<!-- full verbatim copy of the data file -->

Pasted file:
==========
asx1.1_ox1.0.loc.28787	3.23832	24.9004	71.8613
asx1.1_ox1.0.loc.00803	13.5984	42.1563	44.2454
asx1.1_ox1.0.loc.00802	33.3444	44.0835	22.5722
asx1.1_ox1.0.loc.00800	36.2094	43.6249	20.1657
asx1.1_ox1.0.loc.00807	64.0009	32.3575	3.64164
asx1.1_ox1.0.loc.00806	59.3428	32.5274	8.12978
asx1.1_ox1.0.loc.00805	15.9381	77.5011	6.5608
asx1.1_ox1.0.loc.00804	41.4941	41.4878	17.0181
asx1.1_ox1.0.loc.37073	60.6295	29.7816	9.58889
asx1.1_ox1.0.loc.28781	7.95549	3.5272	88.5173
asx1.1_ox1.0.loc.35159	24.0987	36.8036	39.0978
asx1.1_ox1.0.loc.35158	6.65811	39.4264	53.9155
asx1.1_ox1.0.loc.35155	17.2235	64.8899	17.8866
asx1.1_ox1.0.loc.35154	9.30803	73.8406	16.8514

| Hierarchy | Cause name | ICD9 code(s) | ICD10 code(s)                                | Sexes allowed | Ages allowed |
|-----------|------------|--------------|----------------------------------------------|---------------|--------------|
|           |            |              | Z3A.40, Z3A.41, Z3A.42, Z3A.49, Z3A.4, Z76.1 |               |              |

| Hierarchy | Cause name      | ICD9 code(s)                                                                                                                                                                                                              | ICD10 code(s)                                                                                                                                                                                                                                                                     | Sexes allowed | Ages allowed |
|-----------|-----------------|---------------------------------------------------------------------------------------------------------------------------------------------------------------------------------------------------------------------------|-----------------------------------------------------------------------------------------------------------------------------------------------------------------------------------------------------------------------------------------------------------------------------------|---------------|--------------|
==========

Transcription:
asx1.1_ox1.0.loc.28787	3.23832	24.9004	71.8613
asx1.1_ox1.0.loc.00803	13.5984	42.1563	44.2454
asx1.1_ox1.0.loc.00802	33.3444	44.0835	22.5722
asx1.1_ox1.0.loc.00800	36.2094	43.6249	20.1657
asx1.1_ox1.0.loc.00807	64.0009	32.3575	3.64164
asx1.1_ox1.0.loc.00806	59.3428	32.5274	8.12978
asx1.1_ox1.0.loc.00805	15.9381	77.5011	6.5608
asx1.1_ox1.0.loc.00804	41.4941	41.4878	17.0181
asx1.1_ox1.0.loc.37073	60.6295	29.7816	9.58889
asx1.1_ox1.0.loc.28781	7.95549	3.5272	88.5173
asx1.1_ox1.0.loc.35159	24.0987	36.8036	39.0978
asx1.1_ox1.0.loc.35158	6.65811	39.4264	53.9155
asx1.1_ox1.0.loc.35155	17.2235	64.8899	17.8866
asx1.1_ox1.0.loc.35154	9.30803	73.8406	16.8514

| Hierarchy | Cause name | ICD9 code(s) | ICD10 code(s)                                | Sexes allowed | Ages allowed |
|-----------|------------|--------------|----------------------------------------------|---------------|--------------|
|           |            |              | Z3A.40, Z3A.41, Z3A.42, Z3A.49, Z3A.4, Z76.1 |               |              |

| Hierarchy | Cause name      | ICD9 code(s)                                                                                                                                                                                                              | ICD10 code(s)                                                                                                                                                                                                                                                                     | Sexes allowed | Ages allowed |
|-----------|-----------------|---------------------------------------------------------------------------------------------------------------------------------------------------------------------------------------------------------------------------|-----------------------------------------------------------------------------------------------------------------------------------------------------------------------------------------------------------------------------------------------------------------------------------|---------------|--------------|